Brian Clay

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Brian Joseph Clay
Brian Clay 1954.jpeg
Personal information
Born 18 April 1935
Sydney, New South Wales, Australia
Died 2 September 1987 (age 52)
Sydney, New South Wales, Australia
Playing information
Position Five-eighth, Lock
Years Team Pld T G FG P
1953–55 Newtown Jets 30 11 0 0 33
1956 Griffith
1957–67 St. George Dragons 183 33 0 0 99
Total 213 44 0 0 132
Years Team Pld T G FG P
1957–59 New South Wales 7 3 0 0 9
1957–60 Australia 8 0 0 0 0

Brian Joseph 'Poppa' Clay (1935 – 1987) was an Australian rugby league footballer of the 1950s and 1960s. He was a five-eighth with the St. George Dragons during their 11-year consecutive premiership winning run from 1956 to 1966. He was a representative in the Australian national team in 1957 and from 1959-1960 earning five Test caps plus three World Cup appearances. He is considered one of the nation's finest footballers of the 20th century.[1]


Clay grew up in the inner Sydney suburb of St Peters. He played schoolboy football for Newtown Technical School and captained a New South Wales Schoolboys side. He began losing his hair as a teenager and early in his football career became known as 'Poppa'.

Professional playing career[edit]


Clay was graded by the Newtown Bluebags in 1953 aged 19. He played in the club's losing Grand final teams of 1954 and 1955, learning the ropes against the powerful early 1950s South Sydney Rabbitohs sides.

St. George & Representative career[edit]

After Clay spent the 1956 country season with Griffith, Frank Facer offered him a contract with St George as a lock forward from 1957. He made his State and International debut in 1957 and played a major role in Australia's success in the 1957 World Cup. When Johnny Raper joined the club in 1959 Clay moved to five-eighth at which position he enjoyed most success.

Outside the game Clay was a dour, cautious man, highly principled and loyal. On field Clay ran stampeding, battering charges like an extra forward and would then set the wider backs in motion with precise passes. His flashier outside backs Reg Gasnier and Johnny King benefitted from the opposition defence Clay would absorb on their behalf. In turn he was known for his own punishing defence using a shuddering ball-and-all style of crash tackle.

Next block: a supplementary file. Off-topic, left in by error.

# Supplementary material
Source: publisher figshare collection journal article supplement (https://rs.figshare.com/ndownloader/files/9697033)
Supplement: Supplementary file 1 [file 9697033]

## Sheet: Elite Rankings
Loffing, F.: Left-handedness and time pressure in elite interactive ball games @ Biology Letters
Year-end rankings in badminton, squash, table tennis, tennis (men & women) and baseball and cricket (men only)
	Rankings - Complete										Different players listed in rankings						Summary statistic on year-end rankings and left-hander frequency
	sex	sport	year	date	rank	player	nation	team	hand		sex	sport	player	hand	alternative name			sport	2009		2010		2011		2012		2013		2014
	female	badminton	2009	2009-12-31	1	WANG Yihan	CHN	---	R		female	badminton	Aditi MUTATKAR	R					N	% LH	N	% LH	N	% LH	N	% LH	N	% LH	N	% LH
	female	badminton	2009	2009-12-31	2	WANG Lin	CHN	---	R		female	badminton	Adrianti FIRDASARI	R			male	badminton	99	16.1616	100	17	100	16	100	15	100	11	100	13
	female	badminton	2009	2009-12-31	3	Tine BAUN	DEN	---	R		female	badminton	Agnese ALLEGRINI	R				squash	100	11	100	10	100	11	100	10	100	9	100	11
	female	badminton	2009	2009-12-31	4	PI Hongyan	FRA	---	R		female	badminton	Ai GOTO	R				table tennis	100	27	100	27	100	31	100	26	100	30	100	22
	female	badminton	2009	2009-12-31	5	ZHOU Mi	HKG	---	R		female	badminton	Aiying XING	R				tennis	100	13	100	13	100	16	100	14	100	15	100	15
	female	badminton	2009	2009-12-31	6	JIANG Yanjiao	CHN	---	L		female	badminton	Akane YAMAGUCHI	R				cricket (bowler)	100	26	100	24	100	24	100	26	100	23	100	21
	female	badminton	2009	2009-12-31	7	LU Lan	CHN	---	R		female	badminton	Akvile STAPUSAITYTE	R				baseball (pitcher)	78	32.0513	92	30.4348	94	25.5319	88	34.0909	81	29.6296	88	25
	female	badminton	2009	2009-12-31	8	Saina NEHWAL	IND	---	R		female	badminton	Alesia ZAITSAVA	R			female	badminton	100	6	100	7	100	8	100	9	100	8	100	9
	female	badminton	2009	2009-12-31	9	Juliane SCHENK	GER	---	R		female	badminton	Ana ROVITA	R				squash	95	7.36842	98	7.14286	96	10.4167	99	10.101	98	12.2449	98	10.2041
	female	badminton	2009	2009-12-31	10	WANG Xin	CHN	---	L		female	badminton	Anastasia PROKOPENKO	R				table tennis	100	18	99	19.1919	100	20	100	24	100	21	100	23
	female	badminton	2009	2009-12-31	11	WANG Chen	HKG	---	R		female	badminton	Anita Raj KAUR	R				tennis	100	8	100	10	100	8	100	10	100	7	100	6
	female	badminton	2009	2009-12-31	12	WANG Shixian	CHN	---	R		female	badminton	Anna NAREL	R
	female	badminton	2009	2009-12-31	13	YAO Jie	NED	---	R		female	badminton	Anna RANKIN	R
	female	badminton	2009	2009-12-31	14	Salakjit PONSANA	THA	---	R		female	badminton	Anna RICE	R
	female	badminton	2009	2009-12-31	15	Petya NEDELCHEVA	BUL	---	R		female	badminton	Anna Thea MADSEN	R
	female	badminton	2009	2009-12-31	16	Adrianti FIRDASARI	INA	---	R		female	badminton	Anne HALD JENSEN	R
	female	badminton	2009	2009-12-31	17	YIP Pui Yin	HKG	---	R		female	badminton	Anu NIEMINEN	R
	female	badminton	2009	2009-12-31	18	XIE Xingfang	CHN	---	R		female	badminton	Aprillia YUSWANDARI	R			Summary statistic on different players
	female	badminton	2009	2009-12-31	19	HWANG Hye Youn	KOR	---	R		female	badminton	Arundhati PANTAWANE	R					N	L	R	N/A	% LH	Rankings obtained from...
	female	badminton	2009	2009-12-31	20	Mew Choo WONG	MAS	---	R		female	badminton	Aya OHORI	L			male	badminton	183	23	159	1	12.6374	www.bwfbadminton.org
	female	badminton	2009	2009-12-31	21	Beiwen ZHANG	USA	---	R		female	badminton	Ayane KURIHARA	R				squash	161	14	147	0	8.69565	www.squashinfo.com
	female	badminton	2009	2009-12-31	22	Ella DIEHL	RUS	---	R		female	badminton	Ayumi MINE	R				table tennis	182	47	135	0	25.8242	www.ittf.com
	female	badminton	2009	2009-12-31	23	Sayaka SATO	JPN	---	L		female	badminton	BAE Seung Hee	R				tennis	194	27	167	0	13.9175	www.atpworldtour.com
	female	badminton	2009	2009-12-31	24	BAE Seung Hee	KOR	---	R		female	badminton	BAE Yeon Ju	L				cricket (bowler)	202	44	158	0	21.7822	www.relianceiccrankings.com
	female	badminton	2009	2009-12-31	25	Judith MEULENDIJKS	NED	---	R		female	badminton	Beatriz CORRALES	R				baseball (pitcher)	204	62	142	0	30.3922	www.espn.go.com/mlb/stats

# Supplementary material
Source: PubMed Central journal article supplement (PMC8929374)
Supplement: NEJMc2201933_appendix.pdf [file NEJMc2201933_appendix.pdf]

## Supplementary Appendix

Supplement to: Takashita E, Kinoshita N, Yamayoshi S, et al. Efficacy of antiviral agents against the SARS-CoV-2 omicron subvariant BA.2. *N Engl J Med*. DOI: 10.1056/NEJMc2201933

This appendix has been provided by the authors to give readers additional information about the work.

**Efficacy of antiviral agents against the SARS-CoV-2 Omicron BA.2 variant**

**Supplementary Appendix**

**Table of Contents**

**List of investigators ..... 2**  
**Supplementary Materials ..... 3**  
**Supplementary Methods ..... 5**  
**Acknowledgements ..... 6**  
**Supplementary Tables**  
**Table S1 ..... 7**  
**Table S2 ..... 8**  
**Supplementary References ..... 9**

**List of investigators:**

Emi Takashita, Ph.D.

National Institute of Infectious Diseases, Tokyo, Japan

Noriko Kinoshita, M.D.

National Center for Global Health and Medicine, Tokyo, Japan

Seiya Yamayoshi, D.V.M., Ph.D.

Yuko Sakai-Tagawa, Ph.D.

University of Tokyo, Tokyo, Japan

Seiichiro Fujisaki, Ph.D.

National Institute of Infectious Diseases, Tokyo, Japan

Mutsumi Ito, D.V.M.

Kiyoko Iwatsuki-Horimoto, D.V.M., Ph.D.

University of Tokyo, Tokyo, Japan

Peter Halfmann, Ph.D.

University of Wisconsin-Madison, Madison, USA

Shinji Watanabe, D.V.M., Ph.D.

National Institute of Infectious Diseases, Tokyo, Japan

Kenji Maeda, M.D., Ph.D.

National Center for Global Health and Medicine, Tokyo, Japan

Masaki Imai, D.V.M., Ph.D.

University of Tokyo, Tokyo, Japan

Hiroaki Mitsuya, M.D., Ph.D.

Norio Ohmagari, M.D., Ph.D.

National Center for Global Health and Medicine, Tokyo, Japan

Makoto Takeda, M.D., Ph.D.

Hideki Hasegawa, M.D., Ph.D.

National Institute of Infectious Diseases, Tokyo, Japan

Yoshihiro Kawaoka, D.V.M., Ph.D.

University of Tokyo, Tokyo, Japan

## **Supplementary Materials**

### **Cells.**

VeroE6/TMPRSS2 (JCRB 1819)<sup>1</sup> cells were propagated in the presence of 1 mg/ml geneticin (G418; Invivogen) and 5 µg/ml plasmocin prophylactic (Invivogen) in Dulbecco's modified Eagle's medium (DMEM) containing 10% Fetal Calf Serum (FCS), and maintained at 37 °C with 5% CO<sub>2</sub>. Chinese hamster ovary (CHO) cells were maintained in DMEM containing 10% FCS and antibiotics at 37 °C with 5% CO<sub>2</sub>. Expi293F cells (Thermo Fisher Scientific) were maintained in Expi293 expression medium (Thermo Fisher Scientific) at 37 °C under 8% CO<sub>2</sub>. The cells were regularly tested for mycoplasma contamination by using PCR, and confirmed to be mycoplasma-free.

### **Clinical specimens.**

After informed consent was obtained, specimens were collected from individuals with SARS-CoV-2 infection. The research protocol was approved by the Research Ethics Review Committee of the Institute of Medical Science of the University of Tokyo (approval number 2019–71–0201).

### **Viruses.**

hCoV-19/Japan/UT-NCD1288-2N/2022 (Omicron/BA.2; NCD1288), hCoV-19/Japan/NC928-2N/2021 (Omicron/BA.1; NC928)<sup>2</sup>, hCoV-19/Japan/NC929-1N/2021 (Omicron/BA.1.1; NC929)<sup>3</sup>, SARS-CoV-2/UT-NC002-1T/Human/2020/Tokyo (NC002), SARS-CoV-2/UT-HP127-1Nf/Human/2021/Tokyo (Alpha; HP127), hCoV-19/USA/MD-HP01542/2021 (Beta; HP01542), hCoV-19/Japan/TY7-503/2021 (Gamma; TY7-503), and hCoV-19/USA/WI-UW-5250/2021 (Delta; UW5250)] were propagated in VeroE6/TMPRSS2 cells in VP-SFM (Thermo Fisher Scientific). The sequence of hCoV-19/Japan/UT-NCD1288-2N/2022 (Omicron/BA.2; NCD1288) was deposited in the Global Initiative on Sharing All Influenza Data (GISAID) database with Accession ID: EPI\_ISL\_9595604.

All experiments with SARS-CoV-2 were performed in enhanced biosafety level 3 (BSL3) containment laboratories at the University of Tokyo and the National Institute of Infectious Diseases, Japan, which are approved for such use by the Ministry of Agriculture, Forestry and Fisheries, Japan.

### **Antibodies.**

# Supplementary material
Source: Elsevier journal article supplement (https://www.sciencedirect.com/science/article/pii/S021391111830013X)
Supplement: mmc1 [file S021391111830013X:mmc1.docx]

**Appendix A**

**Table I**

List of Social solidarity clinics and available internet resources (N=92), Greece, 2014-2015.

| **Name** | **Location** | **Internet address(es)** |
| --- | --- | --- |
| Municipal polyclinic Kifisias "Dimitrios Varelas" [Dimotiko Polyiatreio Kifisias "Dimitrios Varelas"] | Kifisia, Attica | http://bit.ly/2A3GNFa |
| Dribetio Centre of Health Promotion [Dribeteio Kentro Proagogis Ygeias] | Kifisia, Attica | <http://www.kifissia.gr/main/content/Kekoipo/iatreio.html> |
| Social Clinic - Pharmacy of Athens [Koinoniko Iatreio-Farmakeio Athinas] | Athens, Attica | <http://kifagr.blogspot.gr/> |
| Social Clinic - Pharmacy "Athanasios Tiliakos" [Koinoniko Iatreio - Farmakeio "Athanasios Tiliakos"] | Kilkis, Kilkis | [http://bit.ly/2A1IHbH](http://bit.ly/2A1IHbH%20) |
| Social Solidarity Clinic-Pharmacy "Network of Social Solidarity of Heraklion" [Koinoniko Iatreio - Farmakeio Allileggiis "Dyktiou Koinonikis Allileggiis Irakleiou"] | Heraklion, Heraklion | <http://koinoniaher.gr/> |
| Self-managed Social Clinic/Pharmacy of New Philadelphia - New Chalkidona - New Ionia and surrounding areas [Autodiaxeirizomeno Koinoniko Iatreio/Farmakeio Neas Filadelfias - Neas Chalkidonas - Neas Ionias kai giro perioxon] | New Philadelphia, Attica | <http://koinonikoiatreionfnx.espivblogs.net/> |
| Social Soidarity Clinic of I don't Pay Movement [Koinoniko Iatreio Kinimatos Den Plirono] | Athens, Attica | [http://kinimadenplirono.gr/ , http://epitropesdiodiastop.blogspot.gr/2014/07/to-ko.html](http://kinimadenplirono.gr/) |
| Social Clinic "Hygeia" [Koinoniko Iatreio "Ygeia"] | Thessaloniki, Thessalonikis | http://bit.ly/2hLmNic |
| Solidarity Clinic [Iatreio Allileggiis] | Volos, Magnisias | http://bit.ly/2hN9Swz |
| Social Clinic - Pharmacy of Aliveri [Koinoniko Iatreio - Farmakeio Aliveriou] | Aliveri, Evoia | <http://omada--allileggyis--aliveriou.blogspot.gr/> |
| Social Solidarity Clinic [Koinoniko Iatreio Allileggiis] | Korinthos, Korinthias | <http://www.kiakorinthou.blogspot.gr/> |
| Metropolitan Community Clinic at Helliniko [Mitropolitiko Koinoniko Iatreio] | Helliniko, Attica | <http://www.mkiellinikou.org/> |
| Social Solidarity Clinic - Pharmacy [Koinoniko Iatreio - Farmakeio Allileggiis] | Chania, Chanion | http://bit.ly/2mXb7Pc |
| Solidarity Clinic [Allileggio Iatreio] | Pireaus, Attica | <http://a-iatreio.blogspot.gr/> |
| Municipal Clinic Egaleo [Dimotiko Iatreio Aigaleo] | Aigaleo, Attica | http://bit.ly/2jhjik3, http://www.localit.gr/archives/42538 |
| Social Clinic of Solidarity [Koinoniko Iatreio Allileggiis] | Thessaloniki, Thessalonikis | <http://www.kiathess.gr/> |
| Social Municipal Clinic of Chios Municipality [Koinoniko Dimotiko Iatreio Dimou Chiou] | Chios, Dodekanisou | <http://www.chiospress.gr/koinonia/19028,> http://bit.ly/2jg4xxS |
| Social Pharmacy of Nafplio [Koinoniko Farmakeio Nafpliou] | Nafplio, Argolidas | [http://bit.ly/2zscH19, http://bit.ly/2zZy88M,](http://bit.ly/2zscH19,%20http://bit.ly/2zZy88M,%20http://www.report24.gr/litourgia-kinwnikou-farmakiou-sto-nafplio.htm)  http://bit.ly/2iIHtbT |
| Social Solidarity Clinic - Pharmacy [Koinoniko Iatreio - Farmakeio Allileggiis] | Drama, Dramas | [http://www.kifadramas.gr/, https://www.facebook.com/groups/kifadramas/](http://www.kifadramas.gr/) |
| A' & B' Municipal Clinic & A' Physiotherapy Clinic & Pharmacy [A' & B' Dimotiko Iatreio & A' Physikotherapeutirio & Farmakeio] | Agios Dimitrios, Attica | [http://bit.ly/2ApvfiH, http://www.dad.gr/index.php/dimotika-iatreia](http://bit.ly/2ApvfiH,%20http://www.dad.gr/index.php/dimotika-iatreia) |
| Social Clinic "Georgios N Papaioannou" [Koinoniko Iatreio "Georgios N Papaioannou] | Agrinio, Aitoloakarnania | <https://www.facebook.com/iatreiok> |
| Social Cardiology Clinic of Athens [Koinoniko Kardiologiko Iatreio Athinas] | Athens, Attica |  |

In 1959 Clay played in the New South Wales loss to Queensland that attracted 35,261 spectators, smashing Brisbane's previous record for an interstate match of 22,817.[2] He went on the 1959 Kangaroo Tour of Britain and France appearing in five test matches and sixteen minor Tour games. Clay is listed on the Australian Players Register as Kangaroo No. 332.[3] He alternated with Johnny Raper between lock and five-eighth during the tour.

Clay played 200 club games (183 1st grade) for the St. George Dragons between 1957 and 1967 and played in eight of the famous Grand Final victories. He missed the 1962 and 1963 Grand Finals with broken arm injuries. A knee cartilage operation in 1967 meant that he played his last games at less than 100% fitness. His 200th and last career game was the 1967 final against the Kevin Ryan led Canterbury Bulldogs where the aging Dragons outfit went down 12-11 and the record breaking premiership run ended.

Premiership Success and Accolades[edit]

Brian Clay stands in second place behind his St George team-mate Norm Provan for the highest number of grand final appearances ever, with ten (including two with Newtown). Provan appeared in grand finals on 11 occasions. Clay played in an 8 grand final victories and was regarded as one of the greatest players to ever represent the St. George Dragons.

Brian Clay was awarded Life Membership of the St. George Dragons club in 1967.

Post-football & Death[edit]

Post football he ran his own oil depot contracting for the Esso company. After a battle with heart disease, Clay underwent an unsuccessful heart transplant operation performed by Doctor Victor Chang, Clay died aged 52 on 2 September 1987. He was buried at the Woronora Cemetery, Sutherland, New South Wales.[4]

In February 2008, Clay was named in the list of Australia's 100 Greatest Players (1908–2007) which was commissioned by the NRL and ARL to celebrate the code's centenary year in Australia.[5]


  1. ^ Century's Top 100 Players Archived 25 February 2008 at the Wayback Machine.
  2. ^ Goodman, Tom (28 May 1959). "Queensland beats N.S.W. in league by 17-15". The Sydney Morning Herald. Retrieved 11 December 2011. 
  3. ^ ARL Annual Report 2005, page 54
  4. ^ The Sydney Morning Herald. 3 September 1987 (Death Notice) Brian Joseph Clay.
  5. ^ "Centenary of Rugby League - The Players". NRL & ARL. 23 February 2008. Archived from the original on 26 February 2008. Retrieved 2008-02-23. 


  • Writer, Larry (1995) Never Before, Never Again, Pan MacMillan, Sydney
  • Andrews, Malcolm (2006) The ABC of Rugby League Austn Broadcasting Corpn, Sydney

External links[edit]